Road Map for Change

Ten Rules of the Road for Kids

  1. Figure out why you want to help. Are you helping because you believe in the cause? Because you think it sounds fun? Maybe it’s because your friends or family are helping. Or maybe it’s because you have to, because someone — a parent, a teacher a clergyman – didn’t give you a choice. Guess what? All of these reasons are excellent! The important thing is that you want to help.
  2. Kids can help at any age. People can help one another at any age. Even if you’re too young to be reading this yourself, there’s a way you can help. Try this out: go into a nursing home and look at all the smiles you bring to the senior’s faces, just by being yourself. And if you have a younger brother or sister or friend – even if they’re a baby! – bring them, too! The seniors will love having you there, just because you’re a kid, and just because you’re you.
  3. Kids can be leaders at any age. Even the youngest people have opinions (this is probably not news to your parents!) and things they care about. It could be lost animals, lonely seniors or kids who have no books or toys. Maybe you love skateboarding or dressing up like a princess and want to make sure kids from families without a lot of money can get skateboards or princess dresses, too. Maybe you saw someplace on t.v. where people got stuck in a hurricane or an earthquake. Every good cause out there is looking for someone who can rally their friends and make a difference, no matter what their age. But…
  4. …let the grown-ups help, too. You are a very smart and talented kid. After all, you’re reading up on how to volunteer or maybe even lead a project. But don’t forget: even the smartest kids need help from grown-ups now and then. Whether it’s to drive you somewhere, to buy you supplies, or to make sure that everyone is happy and safe, adults can be a big help. And by the way, if a charity has age restrictions, don’t be bummed out. And don’t ask them to break the rules. There is usually a good reason for them. You’re probably not the first kid who has asked them to break it, but they can’t. Here’s a better idea: ask them to suggest another charity that needs your help.
  5. Volunteering is a great way to meet other kids. When you volunteer, it won’t take you long to realize that everyone has some way that they can help somebody else. A great way to do this is to play with the kids you’re helping. If you visit sick kids at a hospital, or poor kids in a homeless shelter, chances are they’ll be thrilled to have someone new to play with. You may be bringing some cool stuff to them, too. But don’t forget: there’s a lot of fun kids at hospitals and shelters and they are probably really happy to share their company with you.
  6. You’re never too young to visit someone old. It can be hard to find the right place to get started. But one great place is with seniors. Many seniors don’t get a chance to be with young people much. In fact, many kids, especially those who have no grandparents, or whose grandparents live far away, don’t get to see older folks much, either. Both groups can enjoy each other doing simple things like reading, playing games, doing crafts and singing. Spending time with seniors is a great way for kids to volunteer because all you have to do is be yourself! One note: Retirement homes and senior centers can be a wonderful place to bring kids. But it’s usually better for kids to visit active and healthy seniors. People with Alzheimer’s and other serious diseases can be too sad and scary for kids. Have your mom or dad check before going to make sure it’s the right place for you.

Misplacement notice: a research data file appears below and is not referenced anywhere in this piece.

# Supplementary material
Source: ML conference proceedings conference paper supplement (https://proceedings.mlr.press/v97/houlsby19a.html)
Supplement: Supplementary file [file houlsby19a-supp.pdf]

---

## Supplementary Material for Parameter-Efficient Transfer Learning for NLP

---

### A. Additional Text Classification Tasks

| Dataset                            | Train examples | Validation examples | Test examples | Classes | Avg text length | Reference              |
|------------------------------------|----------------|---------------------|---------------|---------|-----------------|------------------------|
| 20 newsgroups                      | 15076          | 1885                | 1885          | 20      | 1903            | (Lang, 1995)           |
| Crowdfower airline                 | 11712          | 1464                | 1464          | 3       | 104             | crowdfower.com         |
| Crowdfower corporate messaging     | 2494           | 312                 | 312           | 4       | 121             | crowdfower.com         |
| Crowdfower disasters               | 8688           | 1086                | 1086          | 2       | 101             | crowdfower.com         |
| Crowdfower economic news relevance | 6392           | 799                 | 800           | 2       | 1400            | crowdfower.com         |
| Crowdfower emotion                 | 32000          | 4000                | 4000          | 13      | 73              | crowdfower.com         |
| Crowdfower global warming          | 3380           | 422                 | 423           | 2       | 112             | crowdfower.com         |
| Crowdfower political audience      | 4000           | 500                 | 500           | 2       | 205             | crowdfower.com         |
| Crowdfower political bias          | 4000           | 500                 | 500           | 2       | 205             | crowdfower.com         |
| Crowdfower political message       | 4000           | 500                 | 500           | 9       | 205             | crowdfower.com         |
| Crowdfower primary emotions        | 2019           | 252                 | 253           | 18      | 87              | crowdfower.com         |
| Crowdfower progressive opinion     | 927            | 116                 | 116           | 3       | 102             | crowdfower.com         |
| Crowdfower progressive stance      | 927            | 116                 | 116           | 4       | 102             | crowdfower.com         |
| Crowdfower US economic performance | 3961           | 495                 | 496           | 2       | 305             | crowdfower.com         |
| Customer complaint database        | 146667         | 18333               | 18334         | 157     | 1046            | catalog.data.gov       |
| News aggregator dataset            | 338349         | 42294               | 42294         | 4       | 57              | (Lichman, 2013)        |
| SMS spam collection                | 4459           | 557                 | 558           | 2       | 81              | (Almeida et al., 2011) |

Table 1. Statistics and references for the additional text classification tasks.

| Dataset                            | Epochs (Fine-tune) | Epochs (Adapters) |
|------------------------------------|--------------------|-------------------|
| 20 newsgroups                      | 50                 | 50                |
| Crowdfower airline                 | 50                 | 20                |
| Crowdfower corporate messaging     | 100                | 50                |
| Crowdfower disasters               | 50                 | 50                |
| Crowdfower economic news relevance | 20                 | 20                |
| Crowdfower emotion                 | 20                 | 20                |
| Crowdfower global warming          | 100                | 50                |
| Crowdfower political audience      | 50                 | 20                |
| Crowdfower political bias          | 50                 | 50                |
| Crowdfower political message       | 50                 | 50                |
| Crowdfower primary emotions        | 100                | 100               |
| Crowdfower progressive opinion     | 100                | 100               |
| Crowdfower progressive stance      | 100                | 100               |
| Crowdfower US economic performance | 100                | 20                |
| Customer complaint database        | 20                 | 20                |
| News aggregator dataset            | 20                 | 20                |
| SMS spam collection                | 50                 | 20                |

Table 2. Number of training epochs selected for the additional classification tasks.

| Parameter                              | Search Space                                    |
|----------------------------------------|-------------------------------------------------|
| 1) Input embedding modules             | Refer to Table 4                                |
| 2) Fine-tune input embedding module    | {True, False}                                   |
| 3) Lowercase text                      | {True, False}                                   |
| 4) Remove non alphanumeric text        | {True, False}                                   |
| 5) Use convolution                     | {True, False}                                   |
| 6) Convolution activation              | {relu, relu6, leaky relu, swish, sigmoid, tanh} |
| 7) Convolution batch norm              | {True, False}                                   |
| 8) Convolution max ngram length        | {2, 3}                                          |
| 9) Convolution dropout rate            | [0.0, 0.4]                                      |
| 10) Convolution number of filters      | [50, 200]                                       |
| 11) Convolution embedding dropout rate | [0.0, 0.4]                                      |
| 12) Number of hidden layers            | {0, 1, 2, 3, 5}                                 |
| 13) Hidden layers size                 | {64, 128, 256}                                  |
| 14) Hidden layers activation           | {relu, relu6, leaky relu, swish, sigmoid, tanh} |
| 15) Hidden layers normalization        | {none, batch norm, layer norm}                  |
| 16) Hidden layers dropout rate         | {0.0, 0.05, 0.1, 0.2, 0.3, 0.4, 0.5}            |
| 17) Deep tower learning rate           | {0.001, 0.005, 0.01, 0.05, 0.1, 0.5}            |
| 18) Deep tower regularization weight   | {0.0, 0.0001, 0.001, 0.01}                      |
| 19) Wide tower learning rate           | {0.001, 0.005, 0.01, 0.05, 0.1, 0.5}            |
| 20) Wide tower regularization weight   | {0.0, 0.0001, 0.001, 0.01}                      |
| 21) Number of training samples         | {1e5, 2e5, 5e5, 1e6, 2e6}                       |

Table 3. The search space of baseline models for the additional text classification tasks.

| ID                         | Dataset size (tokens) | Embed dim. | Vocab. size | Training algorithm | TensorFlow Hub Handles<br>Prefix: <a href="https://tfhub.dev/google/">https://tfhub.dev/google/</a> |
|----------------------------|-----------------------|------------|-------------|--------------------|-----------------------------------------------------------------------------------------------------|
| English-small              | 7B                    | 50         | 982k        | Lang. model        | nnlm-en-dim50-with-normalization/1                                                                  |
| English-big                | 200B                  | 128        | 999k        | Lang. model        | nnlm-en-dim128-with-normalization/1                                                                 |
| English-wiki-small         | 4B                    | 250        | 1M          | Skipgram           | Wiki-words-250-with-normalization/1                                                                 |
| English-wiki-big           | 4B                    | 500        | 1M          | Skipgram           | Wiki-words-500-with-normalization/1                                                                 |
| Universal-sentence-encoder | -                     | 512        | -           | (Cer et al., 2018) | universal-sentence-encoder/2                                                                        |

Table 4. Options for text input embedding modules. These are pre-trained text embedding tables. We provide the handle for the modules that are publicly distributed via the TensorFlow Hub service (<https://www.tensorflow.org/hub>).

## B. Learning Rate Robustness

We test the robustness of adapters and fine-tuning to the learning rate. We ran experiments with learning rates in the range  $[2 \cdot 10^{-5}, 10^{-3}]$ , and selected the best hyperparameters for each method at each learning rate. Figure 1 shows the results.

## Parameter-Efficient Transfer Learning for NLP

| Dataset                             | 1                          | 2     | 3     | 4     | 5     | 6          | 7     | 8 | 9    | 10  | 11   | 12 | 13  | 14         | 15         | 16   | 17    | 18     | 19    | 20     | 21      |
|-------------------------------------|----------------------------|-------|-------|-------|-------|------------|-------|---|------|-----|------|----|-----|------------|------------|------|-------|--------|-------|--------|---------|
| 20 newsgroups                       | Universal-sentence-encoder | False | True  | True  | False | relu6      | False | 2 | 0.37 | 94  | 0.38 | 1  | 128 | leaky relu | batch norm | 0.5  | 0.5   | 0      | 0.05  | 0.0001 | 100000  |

7. The whole animal thing. Lots of kids love animals and want to help them. That’s great. But animal shelters and rescues often have age restrictions, which could keep you from volunteering there. It seems unfair, but they have these rules to protect both you and the animals. If someone at an animal shelter tells you their animals are not good with kids, believe them! There are always other ways to help animals. Oh, and one other thing: adopting a pet can be great. Lots of animals need a new home. Just remember: it’s a big commitment for your whole family for a long time!
  8. Stay safe! Volunteering should always be safe for everyone. Especially kids. There are so many great ways and places for you to help. Here are some things that are not good for you to be around, even if it’s for a good cause: chemicals, ladders and power tools. You read above about how some animals can be scary, but, sadly, some people are, too. Some people are mentally ill, or very senile. That is very sad, and there are wonderful people who can make their lives a little easier. But those are jobs that are better for grown-ups. Finally, if you’re cleaning a beach or a river or a forest, make sure you stay with your group, and let a grown-up know where you are at all times.
  9. The best you can do is your best. Even as a kid, there is so much good you can do in the world. But remember: No matter how hard you work you can’t solve all the problems in the world. No one can! The good news is that there are lots of very cool people out there – both kids and grown-ups – who keep trying. And as long as we all keep working together, the world keeps being a better and better place.
  10. Have fun! Just because you’re volunteering doesn’t mean you shouldn’t have a good time. Volunteering should be fun for everyone, especially kids. Try and find a way to volunteer that you enjoy. It may take a couple of tries, but that’s okay. Not every kid will like every volunteer activity. (And you know what? The same is true for adults!)

“To All at Big Sunday, Now, more than ever, we need the goodwill that you share and the good works that you do”

- — L.B., Los Angeles